What follows is a short piece about the gubernatorial recall campaign in California. It’s taken from the Weekend News Items newsletter. To sign up for News Items, click here.
Is it possible that California will have a Republican governor this fall? Yes, it is. It’s not probable, but it’s possible.
This is where things stand at the moment:
Supporters of Gov. Gavin Newsom tacitly acknowledged this week that the Democratic governor will likely face a special election seeking his removal from office, as Newsom’s critics said they have collected more than 2 million signatures on petitions to force a vote this year.
If the recall campaign’s results hold steady from last month, when state officials reported that almost 84% of the initial signatures were valid, there would be more than enough signed petitions to trigger an election. Registrars of voters in California’s 58 counties have until late April to finish reviewing the petitions.
You might say: So what? It’s an overwhelmingly Democratic state. If Newsom gets tossed, he’ll be replaced by another Democrat. Any thought of a Republican becoming California’s next governor is fanciful.
Take a closer look.
(R)ecall elections can be unpredictable.
A run-of-the-mill election for state office in California follows a predictable two-step. First, every candidate crowds onto a single ballot and voters cast their ballots for whomever they like — regardless of party. Next, the top two winners from the first round go head-to-head in a second and final contest.
That “top-two” set-up ensures that the candidate who wins will have received more than 50% of the vote. The will of the majority rules, guaranteed.
Recall elections offer no such guarantee. Voters are first asked whether they would like to give the incumbent the boot. Then, in a second question, they are asked who ought to be the replacement. Under California law, incumbents can’t run to replace themselves. (So Governor Newsom is not on the “replacement” ballot)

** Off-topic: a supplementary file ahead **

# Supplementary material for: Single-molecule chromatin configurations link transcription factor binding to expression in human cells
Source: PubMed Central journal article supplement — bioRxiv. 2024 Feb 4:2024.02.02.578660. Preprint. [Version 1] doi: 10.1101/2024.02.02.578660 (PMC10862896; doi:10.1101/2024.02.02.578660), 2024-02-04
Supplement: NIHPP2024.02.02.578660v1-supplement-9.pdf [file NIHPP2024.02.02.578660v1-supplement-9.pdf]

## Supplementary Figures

If more than 50% of voters opt for a “yes” on the recall question, whoever comes first on the replacement list is immediately hired as the state’s next chief executive.
It’s not clear right now if any Democrats would run to replace Newsom. “Anything and everything is on the table,” California Democratic Party leader Rusty Hicks said in January.
One theory is that Newsom would be better positioned to beat back the recall if the options to replace him are too conservative for most California voters. “If they want to hold onto the governorship… it would be in Democrats’ best interests not to put up an alternate candidate,” said Democratic political consultant Marva Diaz, an editor of the nonpartisan California Targetbook. That would allow Democrats to focus on telling voters to vote “no” on the recall, and allow them to steer clear of a confusing message like, “Vote no on the recall, but if you vote yes, vote for…”
The other theory? “It would be political malpractice not to have a Democrat on the ballot on the second question” as insurance if Newsom’s numbers worsen, said Mike Madrid, a GOP political consultant not involved in the recall.
Dave Gilliard, a Republican consultant working on the recall campaign, anticipates a large field of candidates from across the political spectrum: “Once it’s apparent that the recall is going to be on the ballot, I think there will be major candidates from all parties, even independents. Voters will have lots of choices. I don’t think either party can control who will run and not run.”
One choice voters will have on the “replacement” ballot is a candidate representing the left wing of the Democratic Party in California. That seems inevitable. The last high-profile left-wing candidate who ran for a major statewide office in California was state Senator Kevin de Leon. As expected, Mr. de Leon lost to fellow Democrat (and incumbent) Sen. Diane Feinstein in the 2018 general election. As was not expected, he garnered 46% of the vote while doing so. In a “replacement” election, 46% of the vote would win.
The 2018 math does not apply to 2021, for numerous reasons, beginning with the fact that it’s not a two-person race and ending with the fact that voting for de Leon in 2018 was “risk-free” for Democrats, since the seat would remain in Democratic hands, regardless of the outcome. In the middle of that, somewhere, were Republicans voting for de Leon for tactical reasons and conservatives blanking their Senate ballots and so on and so forth and so on (and on).